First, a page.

Groth:
Well, yeah, those were the years when there were things coming up that were more interesting to look at — Raw, Weirdo, Love and Rockets all started within a two year period, 1980-82; prior to that, there was a pretty dead period.

Spiegelman:
Yeah, it began to gain momentum in that exact period. It’s part of what makes that period so exciting to me.

Groth:
Yeah, at a certain point, we could make a conscious decision where we don’t have to beat up on these other comics, we can start championing these kinds of comics.

Huizenga:
I had a question about Raw. I don’t need to say it, but Raw was so hugely important for comics — the tradition I want to be part of, anyway. Do you think it led to what we’re talking about when we talk about now being a golden age? And what needs to be done going forward? Are we in a good steady state now, or does something need to be done?

Spiegelman:
Well, either something needs to be done, or it’ll all dry out. That’s why I kept positing, in the margins of this conversation, that this is all just one set of possibilities — there are other places to go, I’m not sure that the long form — except as possibly an economic model is more promising than very short forms. I’m not sure that naturalism and repression are more likely to yield the next great moment.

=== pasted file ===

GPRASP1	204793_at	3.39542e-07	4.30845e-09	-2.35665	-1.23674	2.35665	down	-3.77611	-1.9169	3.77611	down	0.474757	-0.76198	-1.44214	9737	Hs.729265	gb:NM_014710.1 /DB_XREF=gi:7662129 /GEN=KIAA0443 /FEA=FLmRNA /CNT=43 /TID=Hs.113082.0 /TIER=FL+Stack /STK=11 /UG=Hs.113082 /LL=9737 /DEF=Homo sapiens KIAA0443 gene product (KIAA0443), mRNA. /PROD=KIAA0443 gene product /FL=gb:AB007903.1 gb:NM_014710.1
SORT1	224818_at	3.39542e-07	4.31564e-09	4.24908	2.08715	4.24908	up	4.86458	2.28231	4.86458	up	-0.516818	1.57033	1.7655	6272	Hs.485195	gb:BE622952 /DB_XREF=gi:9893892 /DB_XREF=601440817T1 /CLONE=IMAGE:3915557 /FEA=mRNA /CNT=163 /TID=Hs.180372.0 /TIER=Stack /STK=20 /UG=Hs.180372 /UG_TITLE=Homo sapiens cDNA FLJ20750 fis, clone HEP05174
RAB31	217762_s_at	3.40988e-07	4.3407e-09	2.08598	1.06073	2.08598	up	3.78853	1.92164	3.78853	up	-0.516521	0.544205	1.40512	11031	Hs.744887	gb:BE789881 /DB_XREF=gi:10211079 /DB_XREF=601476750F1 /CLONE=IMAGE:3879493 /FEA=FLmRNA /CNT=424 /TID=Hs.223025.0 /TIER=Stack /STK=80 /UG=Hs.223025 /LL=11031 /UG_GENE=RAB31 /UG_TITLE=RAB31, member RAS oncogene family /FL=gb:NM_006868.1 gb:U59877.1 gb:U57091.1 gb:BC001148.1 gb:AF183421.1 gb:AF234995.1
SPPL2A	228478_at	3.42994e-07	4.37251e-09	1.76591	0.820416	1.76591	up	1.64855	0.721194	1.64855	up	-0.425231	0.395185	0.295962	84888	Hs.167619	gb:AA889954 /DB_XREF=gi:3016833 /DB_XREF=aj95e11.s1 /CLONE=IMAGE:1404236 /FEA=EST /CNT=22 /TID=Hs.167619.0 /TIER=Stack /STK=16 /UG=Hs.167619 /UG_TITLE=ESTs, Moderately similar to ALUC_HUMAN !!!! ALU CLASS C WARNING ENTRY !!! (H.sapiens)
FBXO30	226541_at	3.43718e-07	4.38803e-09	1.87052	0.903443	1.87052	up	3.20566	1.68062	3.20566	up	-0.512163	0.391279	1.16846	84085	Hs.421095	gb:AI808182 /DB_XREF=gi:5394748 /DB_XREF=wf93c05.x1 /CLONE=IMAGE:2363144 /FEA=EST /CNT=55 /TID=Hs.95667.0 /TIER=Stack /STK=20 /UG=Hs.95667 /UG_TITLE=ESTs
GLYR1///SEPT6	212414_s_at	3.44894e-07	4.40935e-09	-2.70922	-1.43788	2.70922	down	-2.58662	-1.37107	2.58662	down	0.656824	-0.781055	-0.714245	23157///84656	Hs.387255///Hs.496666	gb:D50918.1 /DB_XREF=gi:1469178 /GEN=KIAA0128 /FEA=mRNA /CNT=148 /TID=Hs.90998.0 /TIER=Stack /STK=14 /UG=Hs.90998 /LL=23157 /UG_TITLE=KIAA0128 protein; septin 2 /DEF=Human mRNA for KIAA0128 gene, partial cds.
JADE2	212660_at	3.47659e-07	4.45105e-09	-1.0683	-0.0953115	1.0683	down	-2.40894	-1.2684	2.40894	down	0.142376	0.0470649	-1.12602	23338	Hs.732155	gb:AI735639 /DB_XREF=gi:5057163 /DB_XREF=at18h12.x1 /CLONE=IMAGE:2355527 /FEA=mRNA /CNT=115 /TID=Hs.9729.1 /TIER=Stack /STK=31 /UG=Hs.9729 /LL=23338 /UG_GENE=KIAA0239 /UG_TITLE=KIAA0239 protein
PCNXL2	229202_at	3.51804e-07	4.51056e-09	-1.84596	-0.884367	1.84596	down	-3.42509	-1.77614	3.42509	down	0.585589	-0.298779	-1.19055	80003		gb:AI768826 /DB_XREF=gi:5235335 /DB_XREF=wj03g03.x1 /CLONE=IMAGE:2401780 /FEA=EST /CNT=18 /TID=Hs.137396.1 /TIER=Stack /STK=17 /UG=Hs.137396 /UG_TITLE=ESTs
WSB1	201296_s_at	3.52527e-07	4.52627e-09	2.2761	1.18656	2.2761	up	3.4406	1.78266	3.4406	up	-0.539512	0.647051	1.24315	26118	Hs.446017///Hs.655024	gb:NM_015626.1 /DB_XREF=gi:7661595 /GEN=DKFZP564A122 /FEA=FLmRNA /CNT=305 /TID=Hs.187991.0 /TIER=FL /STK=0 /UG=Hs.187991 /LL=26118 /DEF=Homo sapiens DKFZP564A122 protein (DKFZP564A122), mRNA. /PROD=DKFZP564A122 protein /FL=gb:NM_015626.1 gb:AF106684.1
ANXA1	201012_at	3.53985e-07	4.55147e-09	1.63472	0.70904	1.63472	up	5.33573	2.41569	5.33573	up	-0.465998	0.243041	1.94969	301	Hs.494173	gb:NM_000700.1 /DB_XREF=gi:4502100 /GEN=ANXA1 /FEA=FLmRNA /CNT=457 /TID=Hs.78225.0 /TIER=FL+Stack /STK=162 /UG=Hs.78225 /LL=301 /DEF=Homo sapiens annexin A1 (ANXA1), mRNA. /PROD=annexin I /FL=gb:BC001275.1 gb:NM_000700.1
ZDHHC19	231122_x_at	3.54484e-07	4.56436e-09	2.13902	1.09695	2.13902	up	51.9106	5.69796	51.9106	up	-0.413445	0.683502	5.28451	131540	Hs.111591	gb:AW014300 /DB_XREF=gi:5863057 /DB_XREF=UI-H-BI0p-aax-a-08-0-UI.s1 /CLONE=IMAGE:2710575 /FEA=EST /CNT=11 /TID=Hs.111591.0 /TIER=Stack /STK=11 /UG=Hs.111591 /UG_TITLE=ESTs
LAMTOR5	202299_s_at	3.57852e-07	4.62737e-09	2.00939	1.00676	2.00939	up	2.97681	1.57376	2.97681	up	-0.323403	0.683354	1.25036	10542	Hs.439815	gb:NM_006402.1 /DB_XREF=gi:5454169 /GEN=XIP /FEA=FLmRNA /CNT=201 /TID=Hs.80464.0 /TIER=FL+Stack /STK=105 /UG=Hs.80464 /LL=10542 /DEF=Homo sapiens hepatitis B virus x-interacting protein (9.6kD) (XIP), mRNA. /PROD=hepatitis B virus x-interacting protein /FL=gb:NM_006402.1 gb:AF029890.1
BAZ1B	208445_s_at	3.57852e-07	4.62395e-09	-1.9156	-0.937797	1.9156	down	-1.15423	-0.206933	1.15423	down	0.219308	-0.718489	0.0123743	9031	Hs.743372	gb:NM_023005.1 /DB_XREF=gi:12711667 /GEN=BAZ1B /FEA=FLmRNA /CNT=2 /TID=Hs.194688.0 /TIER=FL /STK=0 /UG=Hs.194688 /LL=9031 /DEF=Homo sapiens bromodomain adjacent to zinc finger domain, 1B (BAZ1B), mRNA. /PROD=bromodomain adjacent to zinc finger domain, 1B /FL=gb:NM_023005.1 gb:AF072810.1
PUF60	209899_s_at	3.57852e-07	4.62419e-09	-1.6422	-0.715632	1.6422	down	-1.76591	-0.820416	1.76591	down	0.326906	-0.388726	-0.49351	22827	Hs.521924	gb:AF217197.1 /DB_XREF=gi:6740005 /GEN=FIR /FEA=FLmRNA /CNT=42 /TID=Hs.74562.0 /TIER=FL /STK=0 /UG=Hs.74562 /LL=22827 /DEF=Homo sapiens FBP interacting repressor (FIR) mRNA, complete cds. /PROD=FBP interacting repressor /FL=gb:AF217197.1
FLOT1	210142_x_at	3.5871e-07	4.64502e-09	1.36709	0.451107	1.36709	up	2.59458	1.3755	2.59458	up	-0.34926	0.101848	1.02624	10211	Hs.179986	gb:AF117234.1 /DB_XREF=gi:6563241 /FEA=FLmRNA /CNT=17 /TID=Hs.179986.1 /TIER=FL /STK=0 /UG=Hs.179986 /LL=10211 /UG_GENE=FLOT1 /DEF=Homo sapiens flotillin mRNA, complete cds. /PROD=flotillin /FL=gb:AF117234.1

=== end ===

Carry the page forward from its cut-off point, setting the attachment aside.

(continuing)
Huizenga:
I wouldn’t use the word “repression.”

Spiegelman:
Oh no, it is. It’s Protestant repression. It’s got some real amazing results, some of the great comics that are coming along now come through that.

Huizenga:
I don’t feel that my stylistic choices are repressing anybody.

Spiegelman:
Well, they’re repressing parts of your self to make these works happen if you’re turning it into formulae.

Huizenga:
I guess, insofar as the way I live my life always represses certain parts of my self. I could become a baseball player or transgendered, or something, but I’m repressing those lifestyles.

Spiegelman:
Well, the work asks for a kind of tamping down. When I look at it, not your work specifically, but when I look around me I see a lot of work that moves toward relatively naturalistic movement through rooms. That’s what people do but it’s not what people have to draw, because there’s a lot going on inside one’s head as the rooms are being moved though.